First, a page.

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Staff Photo by Matt Hamilton / Angie Drake, solutions coordinator for United Way of Rhea County, works at her office on Tuesday, Dec. 7, 2021.

We all need help sometimes. Because life is good at throwing curveballs. Especially this year and last.

As journalists, we see it a lot — life-wrecking curveballs tossed at people in the form of COVID-19 or other life-threatening illnesses, lost jobs, fires, auto accidents, tornadoes, floods and other family tragedies. But we also see people's profound goodness and empathy. We see our community's strength when confronted with adversity.

That's why, as a newspaper, we've continued for more than a century to sponsor the Neediest Cases Fund. It is our way and your way of paying it forward to help ordinary people — our neighbors — who fall on hard times once in a while.

Ordinary people like past Olympic gold medalist Venus Lacy, the 6-foot-4 star who once led her Brainerd High School basketball team to the 1983-84 state championship, then with another team won a national championship at Louisiana Tech University and then in 1996, with her U.S. basketball teammates, won Olympic gold in Atlanta. But in 1997, one of life's curveballs found her. She suffered a traumatic brain injury in an automobile accident and for years after was affected by memory loss and depression.

In April, her monthly Social Security disability payments were cut nearly in half when her son turned 18. Soon she was more than two months behind on her rent and couldn't pay her car insurance.

"I was on the verge of getting put out" of her home, she told the Chattanooga Times Free Press.

But in September she started a new job with Keithcare Inc. working with disabled adults. And help came from the Neediest Cases fund to get her current again.

Ordinary people like Kris Lewis, a Dayton father of two, whose outdoor painting job was sidelined earlier this year by the COVID-19 slowdown. After a few months he landed a new job at Dayton's La-Z-Boy furniture plant, but he still needed help catching up on his back rent to keep a roof over his daughters' heads.

Last year, it was an ordinary mom like Jasmine Fuller who lost both her fiance and their Wilcox Boulevard rental home when the same storms that brought us an Easter 2020 tornado threw a tree into their bedroom, killing her fiance instantly. Fuller already had lost her job during the COVID shutdown and now, with her fiance gone, she and the children had no income. She soon found work, but not before getting behind financially.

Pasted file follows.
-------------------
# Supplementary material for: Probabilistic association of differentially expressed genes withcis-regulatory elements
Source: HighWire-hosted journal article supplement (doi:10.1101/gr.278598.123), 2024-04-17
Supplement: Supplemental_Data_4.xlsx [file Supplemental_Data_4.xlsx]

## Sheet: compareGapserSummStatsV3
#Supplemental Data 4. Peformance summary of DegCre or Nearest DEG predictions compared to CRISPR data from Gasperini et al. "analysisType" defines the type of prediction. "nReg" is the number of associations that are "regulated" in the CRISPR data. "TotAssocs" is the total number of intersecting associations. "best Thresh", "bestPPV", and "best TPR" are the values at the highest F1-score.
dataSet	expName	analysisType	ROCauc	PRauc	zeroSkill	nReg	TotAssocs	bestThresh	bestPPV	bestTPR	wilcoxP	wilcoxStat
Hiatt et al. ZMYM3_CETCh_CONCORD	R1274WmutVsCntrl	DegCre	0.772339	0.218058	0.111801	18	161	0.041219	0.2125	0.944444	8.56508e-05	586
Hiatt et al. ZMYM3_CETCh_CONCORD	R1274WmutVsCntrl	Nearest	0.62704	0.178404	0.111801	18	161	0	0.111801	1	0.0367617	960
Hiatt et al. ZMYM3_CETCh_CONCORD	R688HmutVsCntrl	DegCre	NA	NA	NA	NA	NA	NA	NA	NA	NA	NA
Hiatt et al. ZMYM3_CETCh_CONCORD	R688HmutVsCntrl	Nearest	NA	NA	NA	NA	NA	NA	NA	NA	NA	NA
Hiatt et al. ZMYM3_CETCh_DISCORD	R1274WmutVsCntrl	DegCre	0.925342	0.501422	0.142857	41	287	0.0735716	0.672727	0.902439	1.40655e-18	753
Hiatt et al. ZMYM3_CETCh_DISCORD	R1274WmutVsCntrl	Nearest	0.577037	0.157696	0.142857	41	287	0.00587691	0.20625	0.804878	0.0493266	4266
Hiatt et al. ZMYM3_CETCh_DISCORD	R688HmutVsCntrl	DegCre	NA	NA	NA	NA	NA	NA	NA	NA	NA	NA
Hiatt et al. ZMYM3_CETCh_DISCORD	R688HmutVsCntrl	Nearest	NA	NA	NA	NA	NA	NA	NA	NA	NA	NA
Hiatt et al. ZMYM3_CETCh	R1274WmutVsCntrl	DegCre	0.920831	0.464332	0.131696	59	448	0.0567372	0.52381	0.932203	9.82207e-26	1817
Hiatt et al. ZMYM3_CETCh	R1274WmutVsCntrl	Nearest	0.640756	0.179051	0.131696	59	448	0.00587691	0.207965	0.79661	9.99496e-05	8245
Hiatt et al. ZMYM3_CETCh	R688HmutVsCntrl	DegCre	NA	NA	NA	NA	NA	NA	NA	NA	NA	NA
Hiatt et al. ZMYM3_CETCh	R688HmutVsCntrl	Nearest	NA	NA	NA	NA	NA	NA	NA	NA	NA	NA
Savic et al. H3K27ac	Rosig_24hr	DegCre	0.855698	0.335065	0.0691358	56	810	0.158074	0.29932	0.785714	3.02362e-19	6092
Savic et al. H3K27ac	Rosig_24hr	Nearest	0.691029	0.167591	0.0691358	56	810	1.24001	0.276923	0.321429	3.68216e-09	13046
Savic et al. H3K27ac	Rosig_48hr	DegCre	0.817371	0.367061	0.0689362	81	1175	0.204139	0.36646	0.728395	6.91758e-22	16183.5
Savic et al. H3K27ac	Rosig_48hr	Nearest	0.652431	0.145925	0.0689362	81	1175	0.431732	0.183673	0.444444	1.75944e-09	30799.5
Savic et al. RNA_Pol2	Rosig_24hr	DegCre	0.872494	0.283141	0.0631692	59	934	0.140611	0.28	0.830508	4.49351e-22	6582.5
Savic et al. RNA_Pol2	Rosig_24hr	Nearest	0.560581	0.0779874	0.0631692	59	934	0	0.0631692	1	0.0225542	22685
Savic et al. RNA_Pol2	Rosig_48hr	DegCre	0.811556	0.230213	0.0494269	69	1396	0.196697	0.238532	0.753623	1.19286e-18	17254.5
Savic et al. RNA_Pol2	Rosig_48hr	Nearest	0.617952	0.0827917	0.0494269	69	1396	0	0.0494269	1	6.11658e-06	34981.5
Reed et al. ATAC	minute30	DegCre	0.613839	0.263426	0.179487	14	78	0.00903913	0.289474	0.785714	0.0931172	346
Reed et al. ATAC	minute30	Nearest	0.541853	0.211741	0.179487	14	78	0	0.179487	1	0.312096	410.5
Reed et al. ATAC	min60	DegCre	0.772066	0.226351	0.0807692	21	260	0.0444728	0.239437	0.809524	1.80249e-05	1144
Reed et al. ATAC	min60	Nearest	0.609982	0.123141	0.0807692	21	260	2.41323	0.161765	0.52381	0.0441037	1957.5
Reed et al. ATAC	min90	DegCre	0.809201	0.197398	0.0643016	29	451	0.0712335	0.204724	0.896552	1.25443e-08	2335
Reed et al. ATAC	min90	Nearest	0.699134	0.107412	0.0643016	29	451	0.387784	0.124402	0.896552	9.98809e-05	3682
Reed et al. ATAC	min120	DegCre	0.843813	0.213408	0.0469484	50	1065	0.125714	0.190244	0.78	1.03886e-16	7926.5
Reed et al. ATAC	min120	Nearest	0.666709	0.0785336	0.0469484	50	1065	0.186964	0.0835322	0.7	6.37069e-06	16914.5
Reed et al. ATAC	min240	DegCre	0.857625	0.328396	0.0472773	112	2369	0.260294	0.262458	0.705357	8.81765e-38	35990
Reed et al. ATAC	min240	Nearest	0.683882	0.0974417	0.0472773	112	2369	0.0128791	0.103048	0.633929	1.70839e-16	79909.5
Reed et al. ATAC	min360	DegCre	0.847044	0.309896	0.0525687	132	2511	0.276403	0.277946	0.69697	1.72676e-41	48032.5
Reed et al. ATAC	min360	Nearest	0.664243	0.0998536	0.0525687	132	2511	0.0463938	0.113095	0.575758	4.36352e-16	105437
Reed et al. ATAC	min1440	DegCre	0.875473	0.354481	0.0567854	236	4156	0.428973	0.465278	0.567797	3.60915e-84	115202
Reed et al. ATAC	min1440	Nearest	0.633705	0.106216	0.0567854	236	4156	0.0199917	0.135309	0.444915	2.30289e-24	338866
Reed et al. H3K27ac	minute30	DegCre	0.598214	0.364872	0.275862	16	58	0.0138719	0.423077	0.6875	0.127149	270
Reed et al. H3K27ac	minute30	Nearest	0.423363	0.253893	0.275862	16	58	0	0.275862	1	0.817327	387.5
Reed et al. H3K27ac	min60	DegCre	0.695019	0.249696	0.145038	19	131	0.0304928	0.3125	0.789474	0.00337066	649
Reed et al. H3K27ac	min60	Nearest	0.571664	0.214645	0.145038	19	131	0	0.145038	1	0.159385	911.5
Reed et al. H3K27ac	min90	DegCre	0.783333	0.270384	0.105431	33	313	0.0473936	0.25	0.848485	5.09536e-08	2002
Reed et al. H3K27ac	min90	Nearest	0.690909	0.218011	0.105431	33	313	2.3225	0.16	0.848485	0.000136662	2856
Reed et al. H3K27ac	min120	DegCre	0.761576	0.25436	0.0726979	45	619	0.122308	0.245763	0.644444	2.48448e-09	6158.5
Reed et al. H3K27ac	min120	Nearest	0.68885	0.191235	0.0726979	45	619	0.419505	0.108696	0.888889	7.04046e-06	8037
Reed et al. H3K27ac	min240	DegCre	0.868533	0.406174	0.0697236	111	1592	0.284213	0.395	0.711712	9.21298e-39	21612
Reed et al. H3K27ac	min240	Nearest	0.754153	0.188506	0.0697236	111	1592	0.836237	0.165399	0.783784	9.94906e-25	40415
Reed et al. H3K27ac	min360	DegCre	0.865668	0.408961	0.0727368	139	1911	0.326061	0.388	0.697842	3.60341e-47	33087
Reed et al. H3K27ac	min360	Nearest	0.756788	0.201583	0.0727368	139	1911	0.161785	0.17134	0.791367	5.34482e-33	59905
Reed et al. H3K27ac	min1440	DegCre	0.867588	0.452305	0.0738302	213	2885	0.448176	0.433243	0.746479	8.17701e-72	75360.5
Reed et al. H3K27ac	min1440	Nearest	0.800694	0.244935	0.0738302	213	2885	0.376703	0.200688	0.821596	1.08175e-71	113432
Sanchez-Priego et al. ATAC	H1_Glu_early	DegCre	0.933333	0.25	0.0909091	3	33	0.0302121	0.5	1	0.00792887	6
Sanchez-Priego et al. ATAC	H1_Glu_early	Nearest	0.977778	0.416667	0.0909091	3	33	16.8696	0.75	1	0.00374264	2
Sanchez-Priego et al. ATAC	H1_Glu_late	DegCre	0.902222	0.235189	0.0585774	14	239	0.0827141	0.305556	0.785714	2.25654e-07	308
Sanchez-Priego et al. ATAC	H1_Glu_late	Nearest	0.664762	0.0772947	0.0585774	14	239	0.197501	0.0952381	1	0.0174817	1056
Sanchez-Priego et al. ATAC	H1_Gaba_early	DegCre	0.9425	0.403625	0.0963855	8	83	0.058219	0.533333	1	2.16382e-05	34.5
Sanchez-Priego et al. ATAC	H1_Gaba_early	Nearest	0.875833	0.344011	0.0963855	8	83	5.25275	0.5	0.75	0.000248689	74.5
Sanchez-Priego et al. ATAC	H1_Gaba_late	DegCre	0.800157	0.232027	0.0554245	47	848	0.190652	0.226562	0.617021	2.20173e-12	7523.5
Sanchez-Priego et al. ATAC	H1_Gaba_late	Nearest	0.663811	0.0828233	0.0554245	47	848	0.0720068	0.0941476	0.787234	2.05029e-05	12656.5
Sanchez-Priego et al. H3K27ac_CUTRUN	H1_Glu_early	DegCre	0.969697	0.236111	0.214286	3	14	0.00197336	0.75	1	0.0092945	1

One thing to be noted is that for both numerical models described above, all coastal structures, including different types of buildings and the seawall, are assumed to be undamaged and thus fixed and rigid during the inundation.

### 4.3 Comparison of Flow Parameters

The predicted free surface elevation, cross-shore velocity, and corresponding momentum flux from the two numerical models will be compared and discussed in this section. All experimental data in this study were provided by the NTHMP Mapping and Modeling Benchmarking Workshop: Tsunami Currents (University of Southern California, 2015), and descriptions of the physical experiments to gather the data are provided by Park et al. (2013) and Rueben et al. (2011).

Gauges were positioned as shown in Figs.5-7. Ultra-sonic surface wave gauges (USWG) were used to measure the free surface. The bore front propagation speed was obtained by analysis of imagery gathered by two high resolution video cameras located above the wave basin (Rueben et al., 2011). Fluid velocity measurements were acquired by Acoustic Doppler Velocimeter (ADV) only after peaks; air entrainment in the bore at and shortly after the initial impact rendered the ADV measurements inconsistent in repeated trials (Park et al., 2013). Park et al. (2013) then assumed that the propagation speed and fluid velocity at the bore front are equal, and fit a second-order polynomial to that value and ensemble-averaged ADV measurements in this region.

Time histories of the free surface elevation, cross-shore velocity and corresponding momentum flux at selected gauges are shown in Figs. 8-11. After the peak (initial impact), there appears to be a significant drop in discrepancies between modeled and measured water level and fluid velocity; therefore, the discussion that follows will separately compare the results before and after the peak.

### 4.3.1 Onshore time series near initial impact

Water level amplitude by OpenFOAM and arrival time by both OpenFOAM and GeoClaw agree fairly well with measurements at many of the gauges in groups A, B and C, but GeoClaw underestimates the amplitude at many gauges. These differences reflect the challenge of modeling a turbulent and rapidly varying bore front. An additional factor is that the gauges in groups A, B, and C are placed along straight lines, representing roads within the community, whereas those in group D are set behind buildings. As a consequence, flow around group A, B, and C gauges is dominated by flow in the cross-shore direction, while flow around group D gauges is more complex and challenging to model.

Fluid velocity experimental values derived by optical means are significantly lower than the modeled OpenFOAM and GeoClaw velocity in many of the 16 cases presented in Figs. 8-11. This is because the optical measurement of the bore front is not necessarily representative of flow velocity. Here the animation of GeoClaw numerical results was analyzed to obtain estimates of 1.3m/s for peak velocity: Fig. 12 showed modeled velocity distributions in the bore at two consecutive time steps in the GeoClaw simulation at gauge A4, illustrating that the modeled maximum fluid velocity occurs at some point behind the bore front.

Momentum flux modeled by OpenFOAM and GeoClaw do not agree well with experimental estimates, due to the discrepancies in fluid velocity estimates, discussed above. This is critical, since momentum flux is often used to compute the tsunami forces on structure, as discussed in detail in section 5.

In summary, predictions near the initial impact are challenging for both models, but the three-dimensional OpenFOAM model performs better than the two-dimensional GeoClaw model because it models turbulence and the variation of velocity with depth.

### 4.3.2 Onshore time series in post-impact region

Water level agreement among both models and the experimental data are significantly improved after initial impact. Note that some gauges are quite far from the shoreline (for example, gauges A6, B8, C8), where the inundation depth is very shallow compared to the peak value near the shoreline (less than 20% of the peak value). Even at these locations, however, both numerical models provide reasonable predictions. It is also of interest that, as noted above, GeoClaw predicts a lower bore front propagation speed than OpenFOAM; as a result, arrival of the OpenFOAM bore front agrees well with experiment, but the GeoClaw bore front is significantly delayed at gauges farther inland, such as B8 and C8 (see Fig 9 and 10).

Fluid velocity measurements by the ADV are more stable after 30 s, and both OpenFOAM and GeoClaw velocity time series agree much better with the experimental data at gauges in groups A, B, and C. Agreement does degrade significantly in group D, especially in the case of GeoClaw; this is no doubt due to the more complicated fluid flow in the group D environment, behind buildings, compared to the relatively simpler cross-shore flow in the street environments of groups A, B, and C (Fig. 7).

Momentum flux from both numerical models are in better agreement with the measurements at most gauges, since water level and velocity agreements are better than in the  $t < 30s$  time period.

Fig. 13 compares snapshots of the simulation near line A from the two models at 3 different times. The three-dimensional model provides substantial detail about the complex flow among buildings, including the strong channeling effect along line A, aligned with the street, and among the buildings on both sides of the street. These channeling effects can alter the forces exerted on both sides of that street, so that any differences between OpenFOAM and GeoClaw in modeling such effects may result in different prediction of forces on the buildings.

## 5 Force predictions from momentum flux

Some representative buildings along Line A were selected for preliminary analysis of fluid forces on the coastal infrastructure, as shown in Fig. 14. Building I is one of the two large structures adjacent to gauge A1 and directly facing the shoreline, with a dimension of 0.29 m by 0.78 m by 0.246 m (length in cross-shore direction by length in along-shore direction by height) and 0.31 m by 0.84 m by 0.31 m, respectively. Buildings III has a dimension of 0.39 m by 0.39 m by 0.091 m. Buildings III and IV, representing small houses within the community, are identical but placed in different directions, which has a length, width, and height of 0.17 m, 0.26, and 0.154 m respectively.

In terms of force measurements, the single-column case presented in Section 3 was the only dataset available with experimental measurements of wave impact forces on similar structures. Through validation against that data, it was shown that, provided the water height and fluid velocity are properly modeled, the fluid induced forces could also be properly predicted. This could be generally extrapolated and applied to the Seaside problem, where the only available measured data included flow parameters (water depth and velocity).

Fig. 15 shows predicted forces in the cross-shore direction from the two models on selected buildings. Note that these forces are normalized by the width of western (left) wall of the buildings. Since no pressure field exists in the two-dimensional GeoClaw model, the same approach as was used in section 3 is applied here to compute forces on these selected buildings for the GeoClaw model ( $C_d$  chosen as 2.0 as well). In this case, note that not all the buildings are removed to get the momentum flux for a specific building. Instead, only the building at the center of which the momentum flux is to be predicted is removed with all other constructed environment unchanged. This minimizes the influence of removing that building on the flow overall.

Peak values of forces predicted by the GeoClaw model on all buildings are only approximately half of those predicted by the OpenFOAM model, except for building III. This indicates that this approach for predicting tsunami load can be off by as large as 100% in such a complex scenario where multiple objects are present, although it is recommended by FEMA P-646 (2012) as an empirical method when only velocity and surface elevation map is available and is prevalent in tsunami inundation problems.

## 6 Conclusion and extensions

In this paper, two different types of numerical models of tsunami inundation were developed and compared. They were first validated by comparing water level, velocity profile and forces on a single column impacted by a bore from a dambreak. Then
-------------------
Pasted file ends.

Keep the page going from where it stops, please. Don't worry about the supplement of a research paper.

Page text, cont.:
In years before that, the Neediest Cases Fund helped a veteran, his wife and two special-needs children, who were facing what seemed an insurmountable hurdle to pay for a $3,300 car repair while the dad juggled work and other day-to-day bills.

In 2016, 40 Rhea County workers lost their jobs when Fuji Film and Goodman Manufacturing began planning to close up shop. They, too, received help paying their utility bills and rent.

All this kindness and help came thanks to you. Not us. You, readers, helped your neighbors. All we did, really, was tell you about them, and you did the rest.

The idea for the Times Neediest Cases Fund was born on Christmas Day 1911 in New York, when Adolph S. Ochs, then-publisher of The New York Times and The Chattanooga Times, went out for a walk after a big turkey dinner. On the walk, he encountered a shabbily dressed man on the street who told him he had just been given Christmas dinner at a Y.M.C.A. but had nowhere to sleep.

Ochs looked him over, decided he looked respectable, gave him a few dollars and his card.

"If you're looking for a job," he said, "come see me tomorrow."

The encounter made Ochs feel good, and he began thinking about charity and wondering if one man's feeling might be the basis for a city's goodwill, according to an online history of the New York fund — the forerunner of the Chattanooga Neediest Cases Fund.

The following holiday season, Ochs decided to publish articles about the Hundred Neediest Cases in New York, and make an appeal for help not with a direct request for money, but with the facts of those neediest lives. That first year, the campaign lasted nine days and collected $3,630.88 (about $100,000 in today's dollars) from 117 contributors. This year it also continues in New York and has raised more than $320 million.

Here, at home, the Chattanooga Times' Neediest Cases Fund was launched in 1914.

The Chattanooga Times — and later the Chattanooga Times Free Press — have been raising money to help locally for the 107 years since, running stories twice a week from Thanksgiving until the end of December.

Recipients are required to be employed to receive assistance from the fund, which fulfills basic needs such as housing, utilities and food to those who need one-time help to become self-sufficient.

We hope you'll help again this year. Your donations (and ours) are collected online through the United Way or by mailing a gift slip that may be found with our Neediest Cases stories in the newspaper. Contributions are accepted through Dec. 31 and are acknowledged in the newspaper.

On Sunday, the local fund stood at just over $52,310. Last year, the appeal raised nearly $80,000 for Chattanooga residents, making it one of most successful years ever and nearly doubling a typical campaign year.

We thank you. And your neighbors thank you.

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